Meow! Stray proves great gaming can happen on a Mac [Review]


Photo of the Stray title screen on a Mac, with two cats sitting on the desk nearby★★★★★
Stray is a game for Mac gamers and cat lovers.
Photo: D. Griffin Jones/Cult of Mac

In Stray, you play as a cat wandering through a cyberpunk version of the Kowloon Walled City, the most densely populated city in the world (and a fascinating footnote of history). In this future, though, the city teems with robots who dream of visiting the outside world.

It’s been out for PC, Xbox and PlayStation for a while, but the Mac version is out now on the Mac App Store.

Stray is a gripping game in an exquisitely designed and immersive world that proves gaming on the Mac is on the rise once again.

Stray review: A story-driven game about a cat in the city

Closeup of the Stray cat in the city.
The titular cat, standing in the city streets.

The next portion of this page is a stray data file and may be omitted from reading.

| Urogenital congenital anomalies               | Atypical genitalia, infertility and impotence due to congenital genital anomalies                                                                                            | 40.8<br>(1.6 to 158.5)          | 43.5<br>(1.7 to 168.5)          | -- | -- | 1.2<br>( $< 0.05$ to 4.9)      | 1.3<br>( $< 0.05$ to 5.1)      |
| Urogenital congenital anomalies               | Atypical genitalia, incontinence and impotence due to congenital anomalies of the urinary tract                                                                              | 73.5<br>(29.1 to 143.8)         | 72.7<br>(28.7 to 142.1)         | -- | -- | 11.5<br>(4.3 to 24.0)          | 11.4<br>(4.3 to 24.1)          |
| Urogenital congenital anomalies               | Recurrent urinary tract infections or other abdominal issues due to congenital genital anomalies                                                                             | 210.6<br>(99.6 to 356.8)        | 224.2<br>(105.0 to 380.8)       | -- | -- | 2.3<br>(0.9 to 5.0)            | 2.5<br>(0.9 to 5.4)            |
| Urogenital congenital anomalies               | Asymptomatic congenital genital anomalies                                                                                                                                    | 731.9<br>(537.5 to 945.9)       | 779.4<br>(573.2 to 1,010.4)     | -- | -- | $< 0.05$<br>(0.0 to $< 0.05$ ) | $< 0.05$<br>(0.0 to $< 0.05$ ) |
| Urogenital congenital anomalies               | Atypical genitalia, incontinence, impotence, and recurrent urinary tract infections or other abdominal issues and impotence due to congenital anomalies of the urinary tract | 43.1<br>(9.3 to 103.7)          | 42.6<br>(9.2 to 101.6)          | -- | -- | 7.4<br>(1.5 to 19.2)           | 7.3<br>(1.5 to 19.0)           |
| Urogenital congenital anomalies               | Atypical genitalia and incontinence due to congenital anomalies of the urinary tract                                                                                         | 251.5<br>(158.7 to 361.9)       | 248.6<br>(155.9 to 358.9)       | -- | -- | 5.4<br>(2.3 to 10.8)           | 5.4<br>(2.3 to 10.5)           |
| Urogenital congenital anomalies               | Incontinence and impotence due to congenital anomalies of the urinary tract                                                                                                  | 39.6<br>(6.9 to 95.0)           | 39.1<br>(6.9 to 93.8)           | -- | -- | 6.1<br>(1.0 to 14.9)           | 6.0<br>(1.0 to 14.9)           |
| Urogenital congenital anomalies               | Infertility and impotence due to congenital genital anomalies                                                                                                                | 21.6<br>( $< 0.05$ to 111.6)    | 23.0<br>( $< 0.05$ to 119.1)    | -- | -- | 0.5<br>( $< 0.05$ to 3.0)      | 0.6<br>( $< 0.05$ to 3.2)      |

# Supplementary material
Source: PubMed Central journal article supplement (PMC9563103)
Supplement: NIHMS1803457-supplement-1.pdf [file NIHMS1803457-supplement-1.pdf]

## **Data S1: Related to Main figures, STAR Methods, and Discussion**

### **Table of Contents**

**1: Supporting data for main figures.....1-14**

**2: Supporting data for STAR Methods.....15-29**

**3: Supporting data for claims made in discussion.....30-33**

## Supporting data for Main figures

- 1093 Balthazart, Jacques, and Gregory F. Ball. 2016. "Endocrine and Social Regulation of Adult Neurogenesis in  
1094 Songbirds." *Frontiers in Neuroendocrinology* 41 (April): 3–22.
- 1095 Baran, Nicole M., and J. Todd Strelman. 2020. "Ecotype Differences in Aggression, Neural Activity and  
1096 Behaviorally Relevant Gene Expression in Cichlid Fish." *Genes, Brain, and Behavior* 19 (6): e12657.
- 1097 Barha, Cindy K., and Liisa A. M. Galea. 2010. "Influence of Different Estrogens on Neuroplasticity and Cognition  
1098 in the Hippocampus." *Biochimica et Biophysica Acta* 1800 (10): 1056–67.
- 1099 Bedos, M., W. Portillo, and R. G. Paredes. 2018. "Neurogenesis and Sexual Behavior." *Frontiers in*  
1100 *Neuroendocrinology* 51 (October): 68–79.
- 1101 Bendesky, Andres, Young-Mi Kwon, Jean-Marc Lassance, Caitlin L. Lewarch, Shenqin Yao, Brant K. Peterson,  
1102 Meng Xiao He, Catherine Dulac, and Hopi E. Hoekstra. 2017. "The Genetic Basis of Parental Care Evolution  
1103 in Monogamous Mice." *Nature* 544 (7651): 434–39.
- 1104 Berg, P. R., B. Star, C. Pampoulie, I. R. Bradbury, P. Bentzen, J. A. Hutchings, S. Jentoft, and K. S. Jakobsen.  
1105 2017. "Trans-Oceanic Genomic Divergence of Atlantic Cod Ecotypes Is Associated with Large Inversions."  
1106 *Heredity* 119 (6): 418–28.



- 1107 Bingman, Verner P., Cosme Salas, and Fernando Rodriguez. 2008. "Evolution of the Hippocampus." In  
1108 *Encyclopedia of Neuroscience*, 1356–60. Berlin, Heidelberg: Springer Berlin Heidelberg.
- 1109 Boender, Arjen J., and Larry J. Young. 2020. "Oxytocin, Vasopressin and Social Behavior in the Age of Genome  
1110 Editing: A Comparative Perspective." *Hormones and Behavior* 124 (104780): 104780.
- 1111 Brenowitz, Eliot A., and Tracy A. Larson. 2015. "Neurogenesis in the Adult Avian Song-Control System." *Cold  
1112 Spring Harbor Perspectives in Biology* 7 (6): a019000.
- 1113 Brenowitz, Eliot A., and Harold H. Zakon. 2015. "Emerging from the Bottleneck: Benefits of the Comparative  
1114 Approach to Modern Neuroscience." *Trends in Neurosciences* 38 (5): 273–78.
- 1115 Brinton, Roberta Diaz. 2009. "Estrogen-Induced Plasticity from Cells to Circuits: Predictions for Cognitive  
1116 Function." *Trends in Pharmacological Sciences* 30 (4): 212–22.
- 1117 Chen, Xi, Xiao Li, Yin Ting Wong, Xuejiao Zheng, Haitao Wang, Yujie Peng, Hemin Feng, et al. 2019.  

Screenshot: D. Griffin Jones/Cult of Mac

Stray is a largely story-driven game. The controls are simple. As you jump up ledges or cross railings, you just press a button or walk forward. You’re not playing against the physics of the game, like Super Mario 64 — cats always jump perfectly and cats never trip.

This frees you up to climb, explore and solve the game’s puzzles.

You have a dedicated Meow button. It usually doesn’t do anything, but it’s always there. You can scratch the couch when you walk into a room, or bat objects off of tables. You can rub up against people’s legs to win their love and affection. If the mood strikes, you can even walk across a keyboard and fill the screen with random letters.